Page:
Printmaking students to attend conference in New Orleans

By Olivia Willoughby

While some students might skip town for Cancun or flee the continent for a week in paradise, some printmaking students are etching their way down to New Orleans.

This year, the Southern Graphics Council International (SGCI) will be held March 14 through 17, gathering numerous printmakers from across the world. Art associate professor Michael Barnes has visited the conferences since 1994, during his grad school years. Since he began teaching at NIU in 1998, he brought his students along.

“I did these types of activities when I was a student, and thus realized their importance to achieving success in the field,” Barnes said. “These conferences can be tremendous inspirations. The students get fired up seeing all these artists’ work.”

The conference, in simple terms, is a big gathering of artists and artisans who present their works to each other.

“It’s awesome,” said graduate printmaking major Aaron Coleman. “It’s a million printmakers all geeked out about looking at and talking about printmaking.”

During the SGCI conferences, there are lectures, exhibitions and presentations by several keynote speakers, Barnes said.

“There’s also a gigantic open portfolio session,” Barnes said. “Collectors and curators come by to look at the work. Students get to show their work outside of the NIU community. It’s like an international forum.”

The conference also offers instruction for attendees.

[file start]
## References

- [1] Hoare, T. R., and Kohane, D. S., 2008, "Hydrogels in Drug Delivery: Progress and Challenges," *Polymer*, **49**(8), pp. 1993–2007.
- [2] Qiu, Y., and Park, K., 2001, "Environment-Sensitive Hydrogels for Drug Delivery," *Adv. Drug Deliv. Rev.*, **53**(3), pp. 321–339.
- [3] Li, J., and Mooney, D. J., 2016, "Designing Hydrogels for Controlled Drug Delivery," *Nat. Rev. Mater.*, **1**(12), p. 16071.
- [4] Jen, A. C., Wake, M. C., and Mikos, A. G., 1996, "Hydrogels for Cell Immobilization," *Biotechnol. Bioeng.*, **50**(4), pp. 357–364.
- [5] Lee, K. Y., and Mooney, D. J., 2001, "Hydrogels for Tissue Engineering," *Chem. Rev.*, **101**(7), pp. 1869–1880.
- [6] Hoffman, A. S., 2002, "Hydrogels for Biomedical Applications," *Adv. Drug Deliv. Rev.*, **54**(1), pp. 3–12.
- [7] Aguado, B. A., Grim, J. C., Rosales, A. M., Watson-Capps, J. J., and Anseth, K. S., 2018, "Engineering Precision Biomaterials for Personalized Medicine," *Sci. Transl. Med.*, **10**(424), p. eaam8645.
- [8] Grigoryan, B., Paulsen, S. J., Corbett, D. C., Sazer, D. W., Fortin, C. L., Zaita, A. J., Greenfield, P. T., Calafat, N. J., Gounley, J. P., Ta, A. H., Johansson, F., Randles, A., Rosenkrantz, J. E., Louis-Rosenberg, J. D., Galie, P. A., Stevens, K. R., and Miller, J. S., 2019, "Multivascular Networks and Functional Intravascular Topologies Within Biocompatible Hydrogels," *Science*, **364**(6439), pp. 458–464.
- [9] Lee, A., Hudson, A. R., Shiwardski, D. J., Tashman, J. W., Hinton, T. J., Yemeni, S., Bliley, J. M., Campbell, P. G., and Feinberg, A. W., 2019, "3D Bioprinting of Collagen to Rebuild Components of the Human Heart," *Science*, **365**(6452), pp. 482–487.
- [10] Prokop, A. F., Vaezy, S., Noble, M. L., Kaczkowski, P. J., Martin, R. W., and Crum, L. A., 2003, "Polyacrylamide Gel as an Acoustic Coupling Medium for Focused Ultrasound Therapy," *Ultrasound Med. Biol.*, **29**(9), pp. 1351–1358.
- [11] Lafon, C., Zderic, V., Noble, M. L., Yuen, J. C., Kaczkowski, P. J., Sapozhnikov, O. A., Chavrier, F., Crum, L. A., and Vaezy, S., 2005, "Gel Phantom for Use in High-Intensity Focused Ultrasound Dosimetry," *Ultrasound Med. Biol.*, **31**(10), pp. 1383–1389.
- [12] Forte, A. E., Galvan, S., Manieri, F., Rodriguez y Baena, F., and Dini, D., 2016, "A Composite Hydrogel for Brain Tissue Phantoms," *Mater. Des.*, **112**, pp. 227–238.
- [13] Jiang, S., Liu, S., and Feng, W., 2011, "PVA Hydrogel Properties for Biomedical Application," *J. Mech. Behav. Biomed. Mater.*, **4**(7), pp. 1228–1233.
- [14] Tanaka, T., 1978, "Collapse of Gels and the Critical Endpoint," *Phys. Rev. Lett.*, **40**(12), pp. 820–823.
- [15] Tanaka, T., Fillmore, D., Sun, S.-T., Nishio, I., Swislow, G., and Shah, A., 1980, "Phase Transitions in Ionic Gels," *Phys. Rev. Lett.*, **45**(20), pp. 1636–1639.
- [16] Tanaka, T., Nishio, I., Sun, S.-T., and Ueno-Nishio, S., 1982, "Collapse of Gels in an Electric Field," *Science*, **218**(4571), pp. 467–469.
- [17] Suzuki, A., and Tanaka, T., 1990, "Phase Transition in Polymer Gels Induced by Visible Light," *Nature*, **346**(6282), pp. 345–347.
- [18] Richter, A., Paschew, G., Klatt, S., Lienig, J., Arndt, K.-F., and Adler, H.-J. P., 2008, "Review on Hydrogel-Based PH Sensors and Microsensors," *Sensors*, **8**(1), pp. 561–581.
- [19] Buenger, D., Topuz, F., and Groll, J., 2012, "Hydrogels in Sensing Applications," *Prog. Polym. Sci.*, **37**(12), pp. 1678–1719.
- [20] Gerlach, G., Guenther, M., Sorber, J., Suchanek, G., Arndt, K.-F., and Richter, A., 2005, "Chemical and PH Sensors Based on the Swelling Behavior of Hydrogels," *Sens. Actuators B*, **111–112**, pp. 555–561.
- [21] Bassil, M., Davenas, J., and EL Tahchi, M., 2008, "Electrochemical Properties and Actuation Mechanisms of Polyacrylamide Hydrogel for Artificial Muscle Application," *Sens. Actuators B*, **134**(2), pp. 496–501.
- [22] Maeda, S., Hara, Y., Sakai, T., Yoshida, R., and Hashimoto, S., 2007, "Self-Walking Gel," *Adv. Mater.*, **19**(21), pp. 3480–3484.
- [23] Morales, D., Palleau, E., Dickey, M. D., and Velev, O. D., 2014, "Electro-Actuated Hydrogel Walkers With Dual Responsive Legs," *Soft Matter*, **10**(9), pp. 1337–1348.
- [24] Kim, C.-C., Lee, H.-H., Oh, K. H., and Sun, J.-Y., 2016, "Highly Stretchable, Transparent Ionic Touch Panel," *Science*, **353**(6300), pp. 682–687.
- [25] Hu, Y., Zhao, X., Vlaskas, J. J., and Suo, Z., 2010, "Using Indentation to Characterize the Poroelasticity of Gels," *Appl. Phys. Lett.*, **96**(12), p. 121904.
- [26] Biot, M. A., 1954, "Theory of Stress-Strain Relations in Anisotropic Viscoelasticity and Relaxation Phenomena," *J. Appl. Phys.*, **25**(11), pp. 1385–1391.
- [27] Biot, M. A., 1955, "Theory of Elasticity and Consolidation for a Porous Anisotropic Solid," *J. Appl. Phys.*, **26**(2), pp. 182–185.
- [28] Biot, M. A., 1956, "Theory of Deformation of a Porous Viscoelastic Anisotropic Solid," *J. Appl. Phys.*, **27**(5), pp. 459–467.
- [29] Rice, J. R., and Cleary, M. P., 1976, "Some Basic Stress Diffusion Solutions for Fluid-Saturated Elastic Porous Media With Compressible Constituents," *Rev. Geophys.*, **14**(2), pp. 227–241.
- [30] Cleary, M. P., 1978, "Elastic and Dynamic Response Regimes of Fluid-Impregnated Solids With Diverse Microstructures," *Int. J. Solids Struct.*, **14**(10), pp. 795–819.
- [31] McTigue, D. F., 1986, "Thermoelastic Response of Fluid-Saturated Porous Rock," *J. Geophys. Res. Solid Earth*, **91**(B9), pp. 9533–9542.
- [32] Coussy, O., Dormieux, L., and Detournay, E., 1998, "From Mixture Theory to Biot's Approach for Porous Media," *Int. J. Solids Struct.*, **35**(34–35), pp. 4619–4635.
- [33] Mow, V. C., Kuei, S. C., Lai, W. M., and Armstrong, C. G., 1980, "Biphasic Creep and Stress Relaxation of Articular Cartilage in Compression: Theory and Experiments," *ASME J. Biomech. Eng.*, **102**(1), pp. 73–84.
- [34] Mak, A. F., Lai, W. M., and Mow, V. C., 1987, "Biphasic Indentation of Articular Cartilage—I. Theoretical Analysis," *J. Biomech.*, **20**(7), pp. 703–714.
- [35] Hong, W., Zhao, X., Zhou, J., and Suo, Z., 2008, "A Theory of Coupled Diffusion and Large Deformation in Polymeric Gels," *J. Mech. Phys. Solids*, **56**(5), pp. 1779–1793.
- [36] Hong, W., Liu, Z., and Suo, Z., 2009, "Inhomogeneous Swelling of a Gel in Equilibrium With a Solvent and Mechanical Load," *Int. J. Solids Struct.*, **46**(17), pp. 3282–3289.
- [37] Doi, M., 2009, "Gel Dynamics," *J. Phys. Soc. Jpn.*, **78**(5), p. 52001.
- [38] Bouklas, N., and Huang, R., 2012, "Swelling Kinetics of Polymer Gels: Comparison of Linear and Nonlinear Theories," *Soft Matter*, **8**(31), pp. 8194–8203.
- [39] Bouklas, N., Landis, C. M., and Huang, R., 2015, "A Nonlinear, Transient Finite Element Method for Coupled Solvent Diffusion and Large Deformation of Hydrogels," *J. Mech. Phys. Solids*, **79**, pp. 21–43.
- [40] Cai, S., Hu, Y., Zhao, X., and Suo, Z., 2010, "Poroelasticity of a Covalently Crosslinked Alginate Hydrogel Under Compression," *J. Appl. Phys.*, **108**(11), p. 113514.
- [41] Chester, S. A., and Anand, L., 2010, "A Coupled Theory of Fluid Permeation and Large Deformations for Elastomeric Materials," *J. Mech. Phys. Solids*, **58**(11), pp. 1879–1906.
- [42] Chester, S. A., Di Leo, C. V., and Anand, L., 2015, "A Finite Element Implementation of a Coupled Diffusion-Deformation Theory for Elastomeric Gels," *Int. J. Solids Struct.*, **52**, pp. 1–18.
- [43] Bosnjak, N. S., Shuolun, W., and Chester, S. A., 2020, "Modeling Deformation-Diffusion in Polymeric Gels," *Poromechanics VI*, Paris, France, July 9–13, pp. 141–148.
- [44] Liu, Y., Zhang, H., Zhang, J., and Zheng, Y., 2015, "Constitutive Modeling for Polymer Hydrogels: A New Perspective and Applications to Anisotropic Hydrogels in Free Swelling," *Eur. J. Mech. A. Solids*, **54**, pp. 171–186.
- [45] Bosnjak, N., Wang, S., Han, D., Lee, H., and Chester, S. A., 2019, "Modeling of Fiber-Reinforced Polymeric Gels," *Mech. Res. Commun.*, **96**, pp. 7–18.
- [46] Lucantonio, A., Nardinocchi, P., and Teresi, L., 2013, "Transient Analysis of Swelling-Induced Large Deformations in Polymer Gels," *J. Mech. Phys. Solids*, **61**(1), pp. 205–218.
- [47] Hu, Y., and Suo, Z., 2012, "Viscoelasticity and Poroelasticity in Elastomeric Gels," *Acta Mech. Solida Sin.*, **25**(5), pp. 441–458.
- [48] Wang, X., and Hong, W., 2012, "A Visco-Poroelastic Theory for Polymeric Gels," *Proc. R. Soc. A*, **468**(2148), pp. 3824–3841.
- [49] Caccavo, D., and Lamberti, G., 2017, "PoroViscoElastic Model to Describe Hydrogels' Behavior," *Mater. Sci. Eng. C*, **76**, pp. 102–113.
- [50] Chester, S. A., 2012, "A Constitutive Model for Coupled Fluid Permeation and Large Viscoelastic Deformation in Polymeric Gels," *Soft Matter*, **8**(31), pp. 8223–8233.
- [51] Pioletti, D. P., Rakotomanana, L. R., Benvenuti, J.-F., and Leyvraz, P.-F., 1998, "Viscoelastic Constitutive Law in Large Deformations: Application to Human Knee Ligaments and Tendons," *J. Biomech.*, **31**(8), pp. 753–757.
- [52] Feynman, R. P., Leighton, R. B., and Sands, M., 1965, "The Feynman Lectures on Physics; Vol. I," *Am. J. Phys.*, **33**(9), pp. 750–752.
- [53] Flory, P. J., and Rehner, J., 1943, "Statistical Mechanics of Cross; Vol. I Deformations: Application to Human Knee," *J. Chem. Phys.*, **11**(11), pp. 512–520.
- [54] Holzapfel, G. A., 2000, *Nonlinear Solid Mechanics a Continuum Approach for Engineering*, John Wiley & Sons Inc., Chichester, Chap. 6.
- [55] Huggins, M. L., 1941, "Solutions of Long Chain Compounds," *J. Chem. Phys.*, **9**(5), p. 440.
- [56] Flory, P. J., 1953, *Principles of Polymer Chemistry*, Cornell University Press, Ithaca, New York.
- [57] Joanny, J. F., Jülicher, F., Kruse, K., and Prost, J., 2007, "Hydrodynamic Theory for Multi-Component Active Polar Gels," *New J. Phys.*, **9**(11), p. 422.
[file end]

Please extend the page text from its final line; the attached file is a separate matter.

“They have workshops for new processes and learning different techniques,” said senior printmaking major Sam Cikauskas.

The printmakers are also traveling to New Orleans to honor two students who won the SGCI Student Fellowships for their proposals. Before winning the award, students must submit a proposal about what they would do with the money, Barnes said.

“Just being nominated was really overwhelming and exciting,” said senior printmaking major Ryan Kangail. “I didn’t think that out of all the applications possible that I’d get that far. It was earned, so it feels good.”

Kangail’s proposal won him the undergraduate award for $500. It stems from his last piece of work, a series of six 18×24 etchings.

“My work is about myself and how I fit in,” Kangail said. “As a new graduate, I’m focusing on my life and how I see it. This will be similar to my work, with a twisted environment, dealing with space and my relationship with space. Like how small you are.”

Alongside Kangail, Coleman won $1000 for his graduate proposal. Both students will use the award to work on their pieces.

“My idea is to create a conversation between the image and text,” Coleman said. “A new way of thinking about objects or subjects is what I’m representing.”

Coleman said he was excited about winning the award, allowing him to show his work and explain to other printmakers why he won the award. His proposal consisted of 10 large-scale mezzotints, which are old, traditional ways of engraving.

Barnes said he is proud of his Kangail and Coleman.

“I was excited when I found out. Maybe even more excited than them,” he said. “We have three awards: one for printmaking, one for the graduate and undergraduate. That puts us on a map more than we already are on.”